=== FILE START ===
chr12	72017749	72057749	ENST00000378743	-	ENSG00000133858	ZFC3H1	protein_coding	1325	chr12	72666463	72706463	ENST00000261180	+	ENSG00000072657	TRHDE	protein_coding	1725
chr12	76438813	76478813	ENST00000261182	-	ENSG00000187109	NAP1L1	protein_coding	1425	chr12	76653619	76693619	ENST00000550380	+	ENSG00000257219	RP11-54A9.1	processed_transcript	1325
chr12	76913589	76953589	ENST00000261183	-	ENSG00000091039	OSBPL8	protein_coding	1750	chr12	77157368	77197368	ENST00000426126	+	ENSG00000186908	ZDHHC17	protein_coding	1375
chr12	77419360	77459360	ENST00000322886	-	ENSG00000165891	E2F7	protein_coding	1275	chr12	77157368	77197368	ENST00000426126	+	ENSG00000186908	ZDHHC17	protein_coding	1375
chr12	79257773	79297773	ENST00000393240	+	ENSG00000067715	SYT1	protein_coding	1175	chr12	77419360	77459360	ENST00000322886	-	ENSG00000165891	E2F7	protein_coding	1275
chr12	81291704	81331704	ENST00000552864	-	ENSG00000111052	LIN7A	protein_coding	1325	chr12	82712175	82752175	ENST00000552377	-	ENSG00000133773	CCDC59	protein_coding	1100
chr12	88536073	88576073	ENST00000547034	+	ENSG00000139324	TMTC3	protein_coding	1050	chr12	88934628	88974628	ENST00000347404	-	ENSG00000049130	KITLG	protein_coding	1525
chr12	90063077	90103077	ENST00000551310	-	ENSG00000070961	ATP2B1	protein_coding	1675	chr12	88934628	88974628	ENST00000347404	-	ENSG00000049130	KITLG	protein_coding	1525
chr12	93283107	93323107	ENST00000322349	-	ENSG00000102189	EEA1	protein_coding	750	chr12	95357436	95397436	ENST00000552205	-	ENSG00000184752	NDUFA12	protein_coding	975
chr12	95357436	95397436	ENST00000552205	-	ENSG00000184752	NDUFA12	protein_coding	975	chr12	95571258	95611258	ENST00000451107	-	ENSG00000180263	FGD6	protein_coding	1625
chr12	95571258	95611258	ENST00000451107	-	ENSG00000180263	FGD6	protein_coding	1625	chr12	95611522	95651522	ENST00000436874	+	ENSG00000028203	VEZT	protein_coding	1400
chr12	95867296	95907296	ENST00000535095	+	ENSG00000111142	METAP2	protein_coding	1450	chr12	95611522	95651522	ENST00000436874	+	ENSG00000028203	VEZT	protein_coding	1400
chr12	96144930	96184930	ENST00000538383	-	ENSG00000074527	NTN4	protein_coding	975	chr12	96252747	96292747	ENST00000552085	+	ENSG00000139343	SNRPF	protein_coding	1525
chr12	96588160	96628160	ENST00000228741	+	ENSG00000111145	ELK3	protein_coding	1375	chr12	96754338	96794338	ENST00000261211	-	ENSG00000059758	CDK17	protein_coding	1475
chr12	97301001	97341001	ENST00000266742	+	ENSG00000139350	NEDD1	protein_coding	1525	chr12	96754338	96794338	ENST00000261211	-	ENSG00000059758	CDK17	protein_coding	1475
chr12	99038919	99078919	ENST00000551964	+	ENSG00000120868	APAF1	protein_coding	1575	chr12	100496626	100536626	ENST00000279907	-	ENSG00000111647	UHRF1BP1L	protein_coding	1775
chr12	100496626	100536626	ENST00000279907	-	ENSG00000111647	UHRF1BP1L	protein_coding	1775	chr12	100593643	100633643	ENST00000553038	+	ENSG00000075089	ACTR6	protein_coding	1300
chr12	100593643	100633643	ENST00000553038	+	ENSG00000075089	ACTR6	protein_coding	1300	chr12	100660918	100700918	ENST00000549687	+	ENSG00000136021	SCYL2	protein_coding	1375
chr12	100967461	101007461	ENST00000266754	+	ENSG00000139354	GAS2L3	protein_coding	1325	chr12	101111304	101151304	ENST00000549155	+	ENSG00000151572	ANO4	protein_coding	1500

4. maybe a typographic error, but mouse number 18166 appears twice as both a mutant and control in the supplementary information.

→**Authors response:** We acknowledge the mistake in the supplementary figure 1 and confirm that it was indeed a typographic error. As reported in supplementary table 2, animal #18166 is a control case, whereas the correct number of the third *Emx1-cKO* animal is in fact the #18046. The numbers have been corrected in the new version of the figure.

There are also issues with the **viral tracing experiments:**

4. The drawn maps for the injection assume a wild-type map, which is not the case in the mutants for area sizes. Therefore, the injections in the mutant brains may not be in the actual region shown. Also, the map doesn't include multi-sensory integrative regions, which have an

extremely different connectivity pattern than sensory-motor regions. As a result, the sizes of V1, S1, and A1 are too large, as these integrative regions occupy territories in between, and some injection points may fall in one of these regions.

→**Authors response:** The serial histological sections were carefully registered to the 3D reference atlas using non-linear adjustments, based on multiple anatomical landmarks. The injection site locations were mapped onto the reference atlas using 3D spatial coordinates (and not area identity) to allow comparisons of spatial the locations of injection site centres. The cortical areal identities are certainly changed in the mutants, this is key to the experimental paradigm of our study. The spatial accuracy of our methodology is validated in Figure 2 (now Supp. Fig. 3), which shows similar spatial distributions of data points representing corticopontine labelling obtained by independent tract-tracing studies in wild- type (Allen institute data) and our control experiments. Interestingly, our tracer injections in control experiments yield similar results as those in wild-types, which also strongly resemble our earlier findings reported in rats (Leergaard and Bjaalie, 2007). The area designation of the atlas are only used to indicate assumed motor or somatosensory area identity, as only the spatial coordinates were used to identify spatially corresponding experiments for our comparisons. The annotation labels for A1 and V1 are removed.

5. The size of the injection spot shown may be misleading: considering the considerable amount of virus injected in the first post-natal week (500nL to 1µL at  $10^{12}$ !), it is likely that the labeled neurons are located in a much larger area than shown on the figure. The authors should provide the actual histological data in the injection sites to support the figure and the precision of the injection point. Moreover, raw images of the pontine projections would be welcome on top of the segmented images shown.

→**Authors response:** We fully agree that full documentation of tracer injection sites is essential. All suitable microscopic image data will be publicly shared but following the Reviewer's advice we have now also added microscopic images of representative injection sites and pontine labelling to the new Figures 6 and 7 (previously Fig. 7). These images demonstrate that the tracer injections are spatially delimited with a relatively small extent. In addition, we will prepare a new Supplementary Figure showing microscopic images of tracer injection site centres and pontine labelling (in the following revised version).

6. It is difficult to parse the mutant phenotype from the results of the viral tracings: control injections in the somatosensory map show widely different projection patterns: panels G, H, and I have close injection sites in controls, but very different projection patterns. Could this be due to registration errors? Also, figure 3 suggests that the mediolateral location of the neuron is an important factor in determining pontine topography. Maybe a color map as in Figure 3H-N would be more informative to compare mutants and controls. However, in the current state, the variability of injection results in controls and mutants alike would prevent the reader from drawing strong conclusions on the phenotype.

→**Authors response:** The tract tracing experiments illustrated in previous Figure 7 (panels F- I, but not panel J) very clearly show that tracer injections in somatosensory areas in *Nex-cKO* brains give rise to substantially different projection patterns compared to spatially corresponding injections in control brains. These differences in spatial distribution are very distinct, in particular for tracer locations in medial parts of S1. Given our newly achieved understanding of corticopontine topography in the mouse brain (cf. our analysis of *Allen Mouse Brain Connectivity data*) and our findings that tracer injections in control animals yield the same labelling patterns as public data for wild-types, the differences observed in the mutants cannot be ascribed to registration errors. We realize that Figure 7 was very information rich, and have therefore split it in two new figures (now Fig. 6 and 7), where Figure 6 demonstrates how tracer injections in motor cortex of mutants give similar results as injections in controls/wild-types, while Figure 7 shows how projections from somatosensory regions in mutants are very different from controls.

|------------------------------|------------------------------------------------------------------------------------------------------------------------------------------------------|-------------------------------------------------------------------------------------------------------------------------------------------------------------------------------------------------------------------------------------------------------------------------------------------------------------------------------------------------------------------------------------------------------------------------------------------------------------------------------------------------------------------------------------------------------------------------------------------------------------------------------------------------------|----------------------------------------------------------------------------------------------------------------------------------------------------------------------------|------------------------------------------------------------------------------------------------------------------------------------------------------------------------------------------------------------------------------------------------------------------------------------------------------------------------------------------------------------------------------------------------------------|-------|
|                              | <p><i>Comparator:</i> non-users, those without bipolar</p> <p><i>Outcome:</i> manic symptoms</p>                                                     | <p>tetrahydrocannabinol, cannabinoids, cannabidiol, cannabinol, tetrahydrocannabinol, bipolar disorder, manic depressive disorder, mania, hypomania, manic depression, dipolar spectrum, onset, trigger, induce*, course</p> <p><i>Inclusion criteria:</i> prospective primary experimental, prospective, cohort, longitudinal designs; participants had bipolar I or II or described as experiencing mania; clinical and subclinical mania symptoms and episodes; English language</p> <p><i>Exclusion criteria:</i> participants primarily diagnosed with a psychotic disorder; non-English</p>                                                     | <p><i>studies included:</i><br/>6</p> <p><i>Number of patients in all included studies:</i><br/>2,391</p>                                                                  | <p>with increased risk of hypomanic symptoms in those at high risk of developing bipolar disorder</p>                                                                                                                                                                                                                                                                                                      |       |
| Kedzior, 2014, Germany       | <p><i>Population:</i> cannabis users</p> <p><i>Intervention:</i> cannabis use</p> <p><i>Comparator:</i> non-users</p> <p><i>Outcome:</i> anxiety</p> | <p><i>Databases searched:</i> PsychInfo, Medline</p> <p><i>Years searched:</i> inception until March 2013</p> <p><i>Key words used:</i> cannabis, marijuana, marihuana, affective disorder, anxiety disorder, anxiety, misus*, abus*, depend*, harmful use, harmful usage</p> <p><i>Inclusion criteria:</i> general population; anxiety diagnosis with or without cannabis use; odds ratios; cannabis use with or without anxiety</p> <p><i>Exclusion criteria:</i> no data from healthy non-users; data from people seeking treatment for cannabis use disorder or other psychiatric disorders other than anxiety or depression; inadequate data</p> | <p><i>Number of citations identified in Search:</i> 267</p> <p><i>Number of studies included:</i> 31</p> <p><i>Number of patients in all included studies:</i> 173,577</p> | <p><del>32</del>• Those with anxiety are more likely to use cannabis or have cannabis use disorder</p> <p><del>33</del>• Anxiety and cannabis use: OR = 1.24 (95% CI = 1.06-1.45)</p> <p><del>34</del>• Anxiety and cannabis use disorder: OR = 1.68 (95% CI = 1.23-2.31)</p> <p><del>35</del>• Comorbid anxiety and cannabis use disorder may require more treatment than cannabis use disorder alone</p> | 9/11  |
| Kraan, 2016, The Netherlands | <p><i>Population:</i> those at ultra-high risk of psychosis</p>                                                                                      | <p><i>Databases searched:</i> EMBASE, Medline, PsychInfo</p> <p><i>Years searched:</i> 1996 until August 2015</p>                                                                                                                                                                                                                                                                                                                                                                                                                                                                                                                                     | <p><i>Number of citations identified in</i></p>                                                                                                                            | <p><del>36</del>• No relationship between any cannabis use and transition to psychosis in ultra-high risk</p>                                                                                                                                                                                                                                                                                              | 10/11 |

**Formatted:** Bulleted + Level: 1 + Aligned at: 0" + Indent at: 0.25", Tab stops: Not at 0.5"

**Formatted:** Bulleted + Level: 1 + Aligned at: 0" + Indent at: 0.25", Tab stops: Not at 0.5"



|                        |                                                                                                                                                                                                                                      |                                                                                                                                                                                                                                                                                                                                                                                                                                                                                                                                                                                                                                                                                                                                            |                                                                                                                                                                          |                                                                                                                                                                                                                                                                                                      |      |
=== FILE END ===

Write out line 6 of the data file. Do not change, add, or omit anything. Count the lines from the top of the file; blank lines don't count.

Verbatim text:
chr12	81291704	81331704	ENST00000552864	-	ENSG00000111052	LIN7A	protein_coding	1325	chr12	82712175	82752175	ENST00000552377	-	ENSG00000133773	CCDC59	protein_coding	1100